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Queen Elizabeth’s funeral honors late royal’s ‘life-long sense of duty’ at Westminster Abbey

The world gave a final goodbye to Queen Elizabeth II, Britain’s longest-reigning monarch, at a state funeral on Monday.

After thousands of mourners filled in front of the 96-year-old’s flag-draped coffin to pay their respects, the doors of 900-year-old Westminster Hall were closed. The first state funeral since Winston Churchill featured 142 Royal Navy sailors who drew the gun carriage carrying the late royal’s coffin to Westminster Abbey.

King Charles III and his sons, Prince William and Prince Harry, walked behind as bagpipers played. Pallbearers carried the coffin into Westminster Abbey, where around 2,000 people ranging from world leaders to healthcare workers gathered. Crowds massed along the streets of London also united to honor the late queen. Ahead of the service, a bell tolled 96 times – one minute for each year of her life.

The Dean of Westminster, who led the service, expressed his gratitude for Elizabeth’s “life-long sense of duty.”

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“Here, where Queen Elizabeth was married and crowned, we gather from across the nation, from the Commonwealth, and from the nations of the world, to mourn our loss, to remember her long life of selfless service, and in sure confidence to commit her to the mercy of God our maker and redeemer,” the dean of the medieval abbey, David Hoyle, told the mourners, as the funeral opened.

The service was filled with traditional church music and readings from the bible. It drew to a close with two minutes of silence observed across the United Kingdom.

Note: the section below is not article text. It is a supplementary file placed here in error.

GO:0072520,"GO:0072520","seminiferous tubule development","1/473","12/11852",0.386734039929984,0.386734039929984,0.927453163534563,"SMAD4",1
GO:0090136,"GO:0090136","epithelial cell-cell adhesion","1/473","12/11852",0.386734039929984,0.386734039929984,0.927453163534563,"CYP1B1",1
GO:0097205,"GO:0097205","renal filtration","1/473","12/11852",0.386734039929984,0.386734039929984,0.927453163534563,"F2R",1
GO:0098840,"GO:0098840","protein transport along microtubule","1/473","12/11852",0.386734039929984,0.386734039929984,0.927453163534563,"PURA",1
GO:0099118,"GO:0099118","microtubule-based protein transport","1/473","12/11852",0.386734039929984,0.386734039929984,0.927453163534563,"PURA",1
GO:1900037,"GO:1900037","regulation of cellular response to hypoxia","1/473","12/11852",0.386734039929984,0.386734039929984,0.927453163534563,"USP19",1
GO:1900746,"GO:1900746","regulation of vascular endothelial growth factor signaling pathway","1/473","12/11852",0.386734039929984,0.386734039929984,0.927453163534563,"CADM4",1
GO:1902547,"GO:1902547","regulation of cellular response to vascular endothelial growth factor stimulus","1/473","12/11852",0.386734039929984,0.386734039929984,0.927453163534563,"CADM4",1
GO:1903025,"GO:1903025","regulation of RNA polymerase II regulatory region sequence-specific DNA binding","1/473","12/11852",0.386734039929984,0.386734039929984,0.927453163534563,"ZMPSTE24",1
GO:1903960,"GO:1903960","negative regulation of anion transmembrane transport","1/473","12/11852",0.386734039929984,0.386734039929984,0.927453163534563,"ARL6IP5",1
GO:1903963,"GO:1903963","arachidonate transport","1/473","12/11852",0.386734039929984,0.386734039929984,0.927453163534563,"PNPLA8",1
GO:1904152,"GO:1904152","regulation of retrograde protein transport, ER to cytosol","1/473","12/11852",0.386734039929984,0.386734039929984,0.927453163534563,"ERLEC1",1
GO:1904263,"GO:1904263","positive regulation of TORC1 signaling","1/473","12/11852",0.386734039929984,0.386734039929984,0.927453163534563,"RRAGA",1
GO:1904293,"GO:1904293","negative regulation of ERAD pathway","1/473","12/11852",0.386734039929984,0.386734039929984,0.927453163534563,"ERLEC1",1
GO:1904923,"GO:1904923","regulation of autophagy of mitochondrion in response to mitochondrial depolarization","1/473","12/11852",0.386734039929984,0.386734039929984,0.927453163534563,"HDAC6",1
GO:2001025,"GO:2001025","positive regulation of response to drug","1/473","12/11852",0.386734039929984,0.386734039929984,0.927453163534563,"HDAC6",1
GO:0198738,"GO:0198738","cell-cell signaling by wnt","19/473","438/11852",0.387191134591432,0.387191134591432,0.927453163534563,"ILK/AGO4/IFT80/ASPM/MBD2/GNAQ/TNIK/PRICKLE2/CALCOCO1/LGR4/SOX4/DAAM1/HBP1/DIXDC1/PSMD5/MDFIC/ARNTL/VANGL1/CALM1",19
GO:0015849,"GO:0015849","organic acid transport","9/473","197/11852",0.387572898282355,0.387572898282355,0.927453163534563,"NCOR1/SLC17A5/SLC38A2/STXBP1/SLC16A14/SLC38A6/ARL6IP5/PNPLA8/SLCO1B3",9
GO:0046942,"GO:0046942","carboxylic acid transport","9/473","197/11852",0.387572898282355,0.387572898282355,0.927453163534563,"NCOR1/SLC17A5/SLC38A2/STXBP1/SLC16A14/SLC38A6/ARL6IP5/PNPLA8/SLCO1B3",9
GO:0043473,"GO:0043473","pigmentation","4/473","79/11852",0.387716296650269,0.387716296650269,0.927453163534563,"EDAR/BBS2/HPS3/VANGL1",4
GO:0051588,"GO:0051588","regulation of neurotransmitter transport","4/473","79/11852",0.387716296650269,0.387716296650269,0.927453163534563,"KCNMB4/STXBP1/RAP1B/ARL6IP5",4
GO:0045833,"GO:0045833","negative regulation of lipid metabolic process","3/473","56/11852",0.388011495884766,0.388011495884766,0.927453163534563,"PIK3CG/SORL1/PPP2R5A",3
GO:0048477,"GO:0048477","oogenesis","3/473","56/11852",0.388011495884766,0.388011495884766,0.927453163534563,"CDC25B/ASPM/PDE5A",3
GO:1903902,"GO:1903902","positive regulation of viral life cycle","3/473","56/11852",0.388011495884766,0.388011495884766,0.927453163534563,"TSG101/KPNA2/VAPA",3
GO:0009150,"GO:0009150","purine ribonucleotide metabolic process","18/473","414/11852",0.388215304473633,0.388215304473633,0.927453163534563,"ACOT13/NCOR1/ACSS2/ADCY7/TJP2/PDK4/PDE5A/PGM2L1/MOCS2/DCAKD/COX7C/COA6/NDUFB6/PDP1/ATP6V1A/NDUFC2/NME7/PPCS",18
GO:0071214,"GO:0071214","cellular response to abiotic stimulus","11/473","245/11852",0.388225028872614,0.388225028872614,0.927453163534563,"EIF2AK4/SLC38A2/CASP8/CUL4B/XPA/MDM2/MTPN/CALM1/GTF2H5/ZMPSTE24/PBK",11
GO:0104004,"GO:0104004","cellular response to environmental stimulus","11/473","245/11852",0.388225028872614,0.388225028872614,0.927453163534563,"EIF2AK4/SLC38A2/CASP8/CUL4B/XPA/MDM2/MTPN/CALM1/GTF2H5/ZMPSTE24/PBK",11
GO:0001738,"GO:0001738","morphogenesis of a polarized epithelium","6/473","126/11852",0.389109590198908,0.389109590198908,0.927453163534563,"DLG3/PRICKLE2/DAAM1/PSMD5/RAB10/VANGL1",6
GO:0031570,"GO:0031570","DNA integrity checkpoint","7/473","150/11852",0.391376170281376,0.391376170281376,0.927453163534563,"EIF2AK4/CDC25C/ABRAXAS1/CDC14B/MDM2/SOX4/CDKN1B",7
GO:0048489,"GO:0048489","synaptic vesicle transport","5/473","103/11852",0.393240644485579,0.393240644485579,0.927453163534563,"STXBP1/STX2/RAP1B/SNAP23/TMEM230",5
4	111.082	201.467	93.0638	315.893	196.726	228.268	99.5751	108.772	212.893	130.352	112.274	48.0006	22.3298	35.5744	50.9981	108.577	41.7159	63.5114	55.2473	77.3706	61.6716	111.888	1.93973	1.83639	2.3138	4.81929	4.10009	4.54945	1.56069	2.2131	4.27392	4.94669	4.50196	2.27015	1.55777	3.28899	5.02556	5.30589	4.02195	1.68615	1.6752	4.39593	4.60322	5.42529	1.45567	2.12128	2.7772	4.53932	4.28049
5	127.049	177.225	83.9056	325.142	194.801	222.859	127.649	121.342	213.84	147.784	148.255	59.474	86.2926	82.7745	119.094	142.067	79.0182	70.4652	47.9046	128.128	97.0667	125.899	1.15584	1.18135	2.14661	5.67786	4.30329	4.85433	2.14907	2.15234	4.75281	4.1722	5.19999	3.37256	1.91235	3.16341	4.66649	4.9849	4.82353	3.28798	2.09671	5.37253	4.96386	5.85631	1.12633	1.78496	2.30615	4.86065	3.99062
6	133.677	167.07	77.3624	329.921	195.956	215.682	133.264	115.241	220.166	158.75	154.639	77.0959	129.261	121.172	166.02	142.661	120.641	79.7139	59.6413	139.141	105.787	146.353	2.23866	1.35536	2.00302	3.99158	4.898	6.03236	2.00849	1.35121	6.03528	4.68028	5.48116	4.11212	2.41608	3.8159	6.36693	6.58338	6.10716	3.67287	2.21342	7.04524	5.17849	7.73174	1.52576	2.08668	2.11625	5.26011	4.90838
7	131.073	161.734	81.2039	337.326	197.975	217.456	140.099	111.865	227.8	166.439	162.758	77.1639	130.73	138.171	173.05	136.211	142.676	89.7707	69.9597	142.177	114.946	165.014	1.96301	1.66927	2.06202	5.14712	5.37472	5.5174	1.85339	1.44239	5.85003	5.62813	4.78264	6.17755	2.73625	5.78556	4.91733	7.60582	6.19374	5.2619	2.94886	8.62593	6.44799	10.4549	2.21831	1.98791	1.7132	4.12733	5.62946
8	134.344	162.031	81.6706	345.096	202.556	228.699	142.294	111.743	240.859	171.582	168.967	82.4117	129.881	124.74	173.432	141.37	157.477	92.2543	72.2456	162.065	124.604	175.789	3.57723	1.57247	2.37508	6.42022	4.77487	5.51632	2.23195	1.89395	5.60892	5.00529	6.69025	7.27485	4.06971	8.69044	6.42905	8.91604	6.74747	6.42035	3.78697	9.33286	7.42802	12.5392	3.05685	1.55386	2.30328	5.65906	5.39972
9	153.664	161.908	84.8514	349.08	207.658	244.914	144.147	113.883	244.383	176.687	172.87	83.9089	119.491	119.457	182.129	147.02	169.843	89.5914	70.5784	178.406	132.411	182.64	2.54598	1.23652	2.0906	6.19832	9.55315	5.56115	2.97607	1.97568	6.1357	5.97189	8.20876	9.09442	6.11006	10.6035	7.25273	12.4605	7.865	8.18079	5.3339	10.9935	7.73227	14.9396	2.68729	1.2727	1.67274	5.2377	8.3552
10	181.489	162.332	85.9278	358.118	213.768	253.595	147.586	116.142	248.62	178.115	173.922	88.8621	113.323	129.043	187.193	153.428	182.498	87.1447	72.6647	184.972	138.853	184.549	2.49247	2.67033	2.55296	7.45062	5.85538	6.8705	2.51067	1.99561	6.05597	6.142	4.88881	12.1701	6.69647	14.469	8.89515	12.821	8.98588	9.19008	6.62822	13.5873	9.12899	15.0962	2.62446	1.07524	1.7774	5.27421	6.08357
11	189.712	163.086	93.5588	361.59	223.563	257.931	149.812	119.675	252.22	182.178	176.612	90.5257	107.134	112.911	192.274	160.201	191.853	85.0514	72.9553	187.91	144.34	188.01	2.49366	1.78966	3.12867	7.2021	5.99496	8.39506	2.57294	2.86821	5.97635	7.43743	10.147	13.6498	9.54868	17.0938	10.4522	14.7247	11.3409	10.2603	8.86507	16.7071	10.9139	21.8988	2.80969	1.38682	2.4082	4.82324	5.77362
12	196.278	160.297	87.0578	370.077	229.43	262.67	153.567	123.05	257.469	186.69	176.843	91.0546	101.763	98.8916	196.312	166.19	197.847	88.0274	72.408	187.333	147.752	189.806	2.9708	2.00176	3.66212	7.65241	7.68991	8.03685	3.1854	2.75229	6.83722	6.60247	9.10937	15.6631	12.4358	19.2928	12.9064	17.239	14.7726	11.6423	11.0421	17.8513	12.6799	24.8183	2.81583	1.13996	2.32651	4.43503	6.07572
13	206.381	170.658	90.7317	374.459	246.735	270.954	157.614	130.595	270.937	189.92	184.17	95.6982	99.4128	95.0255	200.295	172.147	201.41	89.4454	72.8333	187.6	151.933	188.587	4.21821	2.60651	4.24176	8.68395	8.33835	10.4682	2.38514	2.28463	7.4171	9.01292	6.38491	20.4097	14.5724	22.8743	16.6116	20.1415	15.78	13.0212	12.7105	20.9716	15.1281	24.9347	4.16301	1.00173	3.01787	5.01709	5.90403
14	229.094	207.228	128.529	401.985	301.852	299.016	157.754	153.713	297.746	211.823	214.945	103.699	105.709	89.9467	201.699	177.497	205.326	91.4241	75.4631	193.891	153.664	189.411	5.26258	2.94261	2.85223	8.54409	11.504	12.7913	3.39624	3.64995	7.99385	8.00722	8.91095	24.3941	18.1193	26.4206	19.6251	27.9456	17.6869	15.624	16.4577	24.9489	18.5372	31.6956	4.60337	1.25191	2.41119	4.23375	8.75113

Monday has been declared a public holiday in honor of Elizabeth, who died on Sept. 8 at Balmoral Castle in Scotland. Long before the service began, city authorities said viewing areas along the funeral procession were full. Hundreds of thousands of people descended on central London to partake in the somber, historical event. Crowds grew in parks and public spaces across the UK to watch it on screens. Millions more had been expected to tune into the funeral live on television and online.

Archbishop of Canterbury Justin Welby noted during the funeral that “few leaders receive the outpouring of love we have seen” for Elizabeth.

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Following the funeral, the coffin — ringed by units of the armed forces in dress uniforms and members of her family — will be brought through the capital’s streets to Wellington Arch near Hyde Park.

There, it will be placed in a hearse to be driven to Windsor Castle — where Elizabeth spent much of her time — for another procession before a committal service in St. George’s Chapel. She will be laid to rest with her late husband, Prince Philip, at a private family service.

People across Britain paused for a minute of silence at 8 p.m. Sunday in memory of the only monarch most have ever known. At Westminster Hall, the constant stream of mourners paused for 60 seconds as people observed the minute of reflection in deep silence. King Charles issued a message of thanks to people in the U.K. and around the world, saying he and his wife Camilla, the queen consort, have been “moved beyond measure” by the large numbers of people who have turned out to pay their respects to the queen.

In Windsor, rain began to fall as the crowd fell silent for the moment of reflection. Some camped overnight outside the castle to reserve the best spots to view the queen’s coffin.

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Following the funeral, the coffin — ringed by units of the armed forces in dress uniforms and members of her family — will be brought through the capital’s streets to Wellington Arch near Hyde Park.

There, it will be placed in a hearse to be driven to Windsor Castle — where Elizabeth spent much of her time — for another procession before a committal service in St. George’s Chapel. She will be laid to rest with her late husband, Prince Philip, at a private family service.

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